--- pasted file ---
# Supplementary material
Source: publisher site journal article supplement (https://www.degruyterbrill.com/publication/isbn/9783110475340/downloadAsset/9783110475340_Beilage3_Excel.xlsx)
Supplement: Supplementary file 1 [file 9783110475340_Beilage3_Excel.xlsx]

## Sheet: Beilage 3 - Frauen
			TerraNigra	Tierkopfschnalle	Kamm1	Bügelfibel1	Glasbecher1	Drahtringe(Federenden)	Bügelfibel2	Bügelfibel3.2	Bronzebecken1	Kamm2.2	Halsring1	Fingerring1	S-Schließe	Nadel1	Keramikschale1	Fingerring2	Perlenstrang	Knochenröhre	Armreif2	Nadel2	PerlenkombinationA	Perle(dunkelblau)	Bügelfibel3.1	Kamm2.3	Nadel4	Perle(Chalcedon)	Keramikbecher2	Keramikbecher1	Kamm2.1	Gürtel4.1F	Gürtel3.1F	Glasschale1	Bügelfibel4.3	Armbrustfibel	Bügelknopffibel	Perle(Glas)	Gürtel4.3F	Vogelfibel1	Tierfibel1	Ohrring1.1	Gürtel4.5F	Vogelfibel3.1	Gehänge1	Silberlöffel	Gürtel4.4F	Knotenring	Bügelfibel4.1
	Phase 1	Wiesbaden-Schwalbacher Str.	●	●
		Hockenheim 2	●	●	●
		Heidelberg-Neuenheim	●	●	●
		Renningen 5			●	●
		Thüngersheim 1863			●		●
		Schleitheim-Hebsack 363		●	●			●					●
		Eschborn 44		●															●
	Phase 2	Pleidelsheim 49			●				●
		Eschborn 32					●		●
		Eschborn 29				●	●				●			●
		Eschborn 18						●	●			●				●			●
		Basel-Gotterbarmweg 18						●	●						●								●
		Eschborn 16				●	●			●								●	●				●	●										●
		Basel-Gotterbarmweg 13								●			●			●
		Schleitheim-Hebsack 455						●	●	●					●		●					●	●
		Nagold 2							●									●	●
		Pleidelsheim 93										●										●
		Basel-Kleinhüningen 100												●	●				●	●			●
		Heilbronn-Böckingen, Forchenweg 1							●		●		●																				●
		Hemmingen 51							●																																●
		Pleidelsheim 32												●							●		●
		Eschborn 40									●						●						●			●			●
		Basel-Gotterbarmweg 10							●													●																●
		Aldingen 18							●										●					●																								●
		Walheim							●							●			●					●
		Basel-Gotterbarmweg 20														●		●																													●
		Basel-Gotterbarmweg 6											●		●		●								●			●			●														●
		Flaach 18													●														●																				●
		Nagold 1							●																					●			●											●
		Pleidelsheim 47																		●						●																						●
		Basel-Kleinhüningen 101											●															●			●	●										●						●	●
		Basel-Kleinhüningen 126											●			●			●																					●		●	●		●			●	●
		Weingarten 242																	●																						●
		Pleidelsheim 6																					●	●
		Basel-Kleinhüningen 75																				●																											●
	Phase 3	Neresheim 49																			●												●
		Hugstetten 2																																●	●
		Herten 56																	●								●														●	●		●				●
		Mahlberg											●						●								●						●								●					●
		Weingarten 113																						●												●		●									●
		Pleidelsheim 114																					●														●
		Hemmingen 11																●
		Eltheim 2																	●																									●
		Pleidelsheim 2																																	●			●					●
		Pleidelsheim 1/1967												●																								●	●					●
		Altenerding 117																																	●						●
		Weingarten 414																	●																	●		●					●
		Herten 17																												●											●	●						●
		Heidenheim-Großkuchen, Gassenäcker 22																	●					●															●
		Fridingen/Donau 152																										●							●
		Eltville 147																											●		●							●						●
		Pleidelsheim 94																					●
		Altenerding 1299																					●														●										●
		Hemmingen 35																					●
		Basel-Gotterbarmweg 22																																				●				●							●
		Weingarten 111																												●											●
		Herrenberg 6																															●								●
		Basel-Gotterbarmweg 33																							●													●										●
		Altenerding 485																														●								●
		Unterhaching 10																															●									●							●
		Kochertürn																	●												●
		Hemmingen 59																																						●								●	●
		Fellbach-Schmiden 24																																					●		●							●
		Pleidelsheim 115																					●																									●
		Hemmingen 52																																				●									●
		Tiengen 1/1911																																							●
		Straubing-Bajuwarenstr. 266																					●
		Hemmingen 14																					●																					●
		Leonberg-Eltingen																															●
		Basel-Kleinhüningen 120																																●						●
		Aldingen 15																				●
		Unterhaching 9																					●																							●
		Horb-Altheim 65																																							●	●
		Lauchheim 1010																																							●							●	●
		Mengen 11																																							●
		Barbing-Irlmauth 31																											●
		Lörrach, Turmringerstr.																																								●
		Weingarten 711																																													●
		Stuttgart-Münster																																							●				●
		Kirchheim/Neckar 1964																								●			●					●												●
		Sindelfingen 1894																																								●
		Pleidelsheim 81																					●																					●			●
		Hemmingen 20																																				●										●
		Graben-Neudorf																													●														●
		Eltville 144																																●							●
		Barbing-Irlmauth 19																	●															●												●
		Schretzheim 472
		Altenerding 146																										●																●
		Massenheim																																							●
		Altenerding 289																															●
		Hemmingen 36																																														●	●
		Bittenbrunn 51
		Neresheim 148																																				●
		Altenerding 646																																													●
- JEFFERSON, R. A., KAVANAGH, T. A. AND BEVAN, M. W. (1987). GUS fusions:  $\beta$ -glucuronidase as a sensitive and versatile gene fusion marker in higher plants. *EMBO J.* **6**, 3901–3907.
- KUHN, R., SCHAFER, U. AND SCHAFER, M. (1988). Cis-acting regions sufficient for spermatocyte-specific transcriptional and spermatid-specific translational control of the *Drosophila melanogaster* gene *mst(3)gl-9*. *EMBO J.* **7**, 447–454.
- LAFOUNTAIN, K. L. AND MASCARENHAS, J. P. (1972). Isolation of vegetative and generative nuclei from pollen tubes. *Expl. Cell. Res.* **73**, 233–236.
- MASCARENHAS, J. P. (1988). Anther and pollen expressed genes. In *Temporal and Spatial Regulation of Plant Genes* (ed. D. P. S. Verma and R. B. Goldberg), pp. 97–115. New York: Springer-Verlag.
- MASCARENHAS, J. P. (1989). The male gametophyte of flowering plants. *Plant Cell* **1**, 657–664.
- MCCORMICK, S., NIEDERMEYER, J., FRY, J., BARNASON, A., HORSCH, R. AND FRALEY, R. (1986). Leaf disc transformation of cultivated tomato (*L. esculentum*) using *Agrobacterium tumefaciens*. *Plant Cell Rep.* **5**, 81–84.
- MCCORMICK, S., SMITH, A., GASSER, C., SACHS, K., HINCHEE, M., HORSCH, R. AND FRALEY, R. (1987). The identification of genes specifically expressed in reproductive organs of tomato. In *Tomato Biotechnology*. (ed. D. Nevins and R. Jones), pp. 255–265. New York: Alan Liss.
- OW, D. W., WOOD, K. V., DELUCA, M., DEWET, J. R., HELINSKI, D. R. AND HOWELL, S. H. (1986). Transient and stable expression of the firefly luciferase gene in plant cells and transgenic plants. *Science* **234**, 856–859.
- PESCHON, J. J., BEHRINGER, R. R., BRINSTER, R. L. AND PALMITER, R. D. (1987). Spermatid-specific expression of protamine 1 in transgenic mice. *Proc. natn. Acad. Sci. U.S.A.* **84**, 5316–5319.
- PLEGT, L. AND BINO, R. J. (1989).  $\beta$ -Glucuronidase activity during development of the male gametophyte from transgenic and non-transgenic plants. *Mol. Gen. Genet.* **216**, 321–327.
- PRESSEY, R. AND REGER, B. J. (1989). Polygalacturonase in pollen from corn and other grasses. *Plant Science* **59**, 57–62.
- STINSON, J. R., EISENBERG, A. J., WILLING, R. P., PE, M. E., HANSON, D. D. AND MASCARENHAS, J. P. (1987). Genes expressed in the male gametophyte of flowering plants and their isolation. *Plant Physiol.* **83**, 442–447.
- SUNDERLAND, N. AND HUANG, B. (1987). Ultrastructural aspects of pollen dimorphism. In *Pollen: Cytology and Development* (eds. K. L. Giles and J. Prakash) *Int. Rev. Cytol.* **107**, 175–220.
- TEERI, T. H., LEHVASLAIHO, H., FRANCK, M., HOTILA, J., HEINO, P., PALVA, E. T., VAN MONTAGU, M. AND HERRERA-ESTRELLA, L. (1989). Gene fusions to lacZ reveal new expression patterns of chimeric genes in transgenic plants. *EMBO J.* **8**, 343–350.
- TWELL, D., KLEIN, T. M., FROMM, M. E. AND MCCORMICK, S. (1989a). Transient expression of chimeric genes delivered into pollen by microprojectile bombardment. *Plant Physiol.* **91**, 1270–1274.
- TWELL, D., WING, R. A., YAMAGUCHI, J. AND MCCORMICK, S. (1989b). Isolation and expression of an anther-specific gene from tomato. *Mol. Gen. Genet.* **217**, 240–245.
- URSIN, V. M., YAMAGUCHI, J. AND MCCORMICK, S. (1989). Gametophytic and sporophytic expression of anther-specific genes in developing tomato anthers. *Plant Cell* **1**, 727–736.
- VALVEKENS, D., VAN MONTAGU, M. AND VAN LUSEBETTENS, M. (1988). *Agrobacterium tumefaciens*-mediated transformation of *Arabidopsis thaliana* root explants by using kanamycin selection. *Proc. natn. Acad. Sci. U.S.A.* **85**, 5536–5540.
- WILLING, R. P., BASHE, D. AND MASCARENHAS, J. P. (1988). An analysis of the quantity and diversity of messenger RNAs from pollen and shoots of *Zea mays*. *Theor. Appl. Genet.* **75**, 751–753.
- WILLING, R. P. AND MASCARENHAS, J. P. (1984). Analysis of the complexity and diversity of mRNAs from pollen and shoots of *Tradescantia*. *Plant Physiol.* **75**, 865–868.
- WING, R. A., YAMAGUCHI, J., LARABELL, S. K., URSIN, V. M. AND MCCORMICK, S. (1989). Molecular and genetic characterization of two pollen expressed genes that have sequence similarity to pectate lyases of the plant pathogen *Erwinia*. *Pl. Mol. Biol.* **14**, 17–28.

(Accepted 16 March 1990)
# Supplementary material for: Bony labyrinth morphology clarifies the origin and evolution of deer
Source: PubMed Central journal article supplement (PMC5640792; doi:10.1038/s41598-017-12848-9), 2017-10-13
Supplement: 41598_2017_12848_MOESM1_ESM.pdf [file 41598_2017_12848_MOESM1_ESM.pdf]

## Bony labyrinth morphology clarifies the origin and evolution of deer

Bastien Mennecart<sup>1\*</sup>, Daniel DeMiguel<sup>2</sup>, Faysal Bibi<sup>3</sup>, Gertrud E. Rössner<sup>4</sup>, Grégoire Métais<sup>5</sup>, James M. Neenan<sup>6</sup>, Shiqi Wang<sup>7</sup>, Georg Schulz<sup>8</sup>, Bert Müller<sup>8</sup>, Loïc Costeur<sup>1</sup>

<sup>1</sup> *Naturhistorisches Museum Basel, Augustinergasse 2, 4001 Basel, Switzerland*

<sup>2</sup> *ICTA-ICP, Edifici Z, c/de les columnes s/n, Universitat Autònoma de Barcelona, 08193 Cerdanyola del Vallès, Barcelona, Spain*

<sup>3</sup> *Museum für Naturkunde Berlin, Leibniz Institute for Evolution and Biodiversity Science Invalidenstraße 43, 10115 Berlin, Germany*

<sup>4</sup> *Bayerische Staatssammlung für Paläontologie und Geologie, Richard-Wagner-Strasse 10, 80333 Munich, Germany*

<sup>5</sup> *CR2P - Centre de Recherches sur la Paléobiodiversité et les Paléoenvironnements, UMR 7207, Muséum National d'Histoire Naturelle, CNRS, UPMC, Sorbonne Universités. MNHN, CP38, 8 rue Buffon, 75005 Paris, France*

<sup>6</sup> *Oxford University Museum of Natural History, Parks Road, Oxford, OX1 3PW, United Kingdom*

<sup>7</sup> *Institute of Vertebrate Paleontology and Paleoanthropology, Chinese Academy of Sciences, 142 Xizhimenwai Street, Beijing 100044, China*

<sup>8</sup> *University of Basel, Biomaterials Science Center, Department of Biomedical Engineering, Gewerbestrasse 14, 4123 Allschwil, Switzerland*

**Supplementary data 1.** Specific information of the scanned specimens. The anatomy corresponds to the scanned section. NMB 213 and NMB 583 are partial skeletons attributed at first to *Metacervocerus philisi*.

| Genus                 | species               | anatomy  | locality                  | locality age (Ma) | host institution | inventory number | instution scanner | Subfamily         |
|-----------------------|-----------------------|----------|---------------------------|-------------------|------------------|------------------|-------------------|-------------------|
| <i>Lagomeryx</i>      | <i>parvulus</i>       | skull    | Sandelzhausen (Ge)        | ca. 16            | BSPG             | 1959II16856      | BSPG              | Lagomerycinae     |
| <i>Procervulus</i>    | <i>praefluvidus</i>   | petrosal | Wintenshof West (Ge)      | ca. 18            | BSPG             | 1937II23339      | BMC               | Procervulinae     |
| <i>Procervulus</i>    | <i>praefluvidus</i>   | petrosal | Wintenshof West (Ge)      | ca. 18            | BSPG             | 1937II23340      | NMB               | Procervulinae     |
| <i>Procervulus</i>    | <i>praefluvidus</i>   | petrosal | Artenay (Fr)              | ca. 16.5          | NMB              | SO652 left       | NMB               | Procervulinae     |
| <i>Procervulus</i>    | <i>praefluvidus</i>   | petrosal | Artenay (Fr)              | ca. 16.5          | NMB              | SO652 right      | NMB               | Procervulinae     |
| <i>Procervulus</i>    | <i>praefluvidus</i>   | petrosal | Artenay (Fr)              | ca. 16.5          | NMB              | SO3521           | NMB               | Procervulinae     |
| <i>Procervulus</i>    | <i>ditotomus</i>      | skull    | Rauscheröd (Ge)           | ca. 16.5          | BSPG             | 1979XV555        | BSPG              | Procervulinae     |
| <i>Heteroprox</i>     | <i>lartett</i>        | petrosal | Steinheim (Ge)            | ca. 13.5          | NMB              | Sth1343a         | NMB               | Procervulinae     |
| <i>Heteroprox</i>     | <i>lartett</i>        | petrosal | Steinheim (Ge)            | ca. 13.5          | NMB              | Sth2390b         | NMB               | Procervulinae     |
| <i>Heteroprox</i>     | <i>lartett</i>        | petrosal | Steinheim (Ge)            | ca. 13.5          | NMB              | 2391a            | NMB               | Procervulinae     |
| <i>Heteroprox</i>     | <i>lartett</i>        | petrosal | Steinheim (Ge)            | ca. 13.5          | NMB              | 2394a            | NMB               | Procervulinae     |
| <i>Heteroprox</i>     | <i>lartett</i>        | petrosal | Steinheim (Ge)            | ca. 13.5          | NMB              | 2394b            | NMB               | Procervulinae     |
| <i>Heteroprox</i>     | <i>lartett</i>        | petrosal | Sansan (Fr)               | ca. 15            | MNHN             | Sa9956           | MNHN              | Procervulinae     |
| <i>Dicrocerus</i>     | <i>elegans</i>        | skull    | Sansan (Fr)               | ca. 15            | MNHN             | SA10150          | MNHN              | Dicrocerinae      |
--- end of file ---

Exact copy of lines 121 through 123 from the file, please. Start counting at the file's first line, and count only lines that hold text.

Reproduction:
(Accepted 16 March 1990)
# Supplementary material for: Bony labyrinth morphology clarifies the origin and evolution of deer
Source: PubMed Central journal article supplement (PMC5640792; doi:10.1038/s41598-017-12848-9), 2017-10-13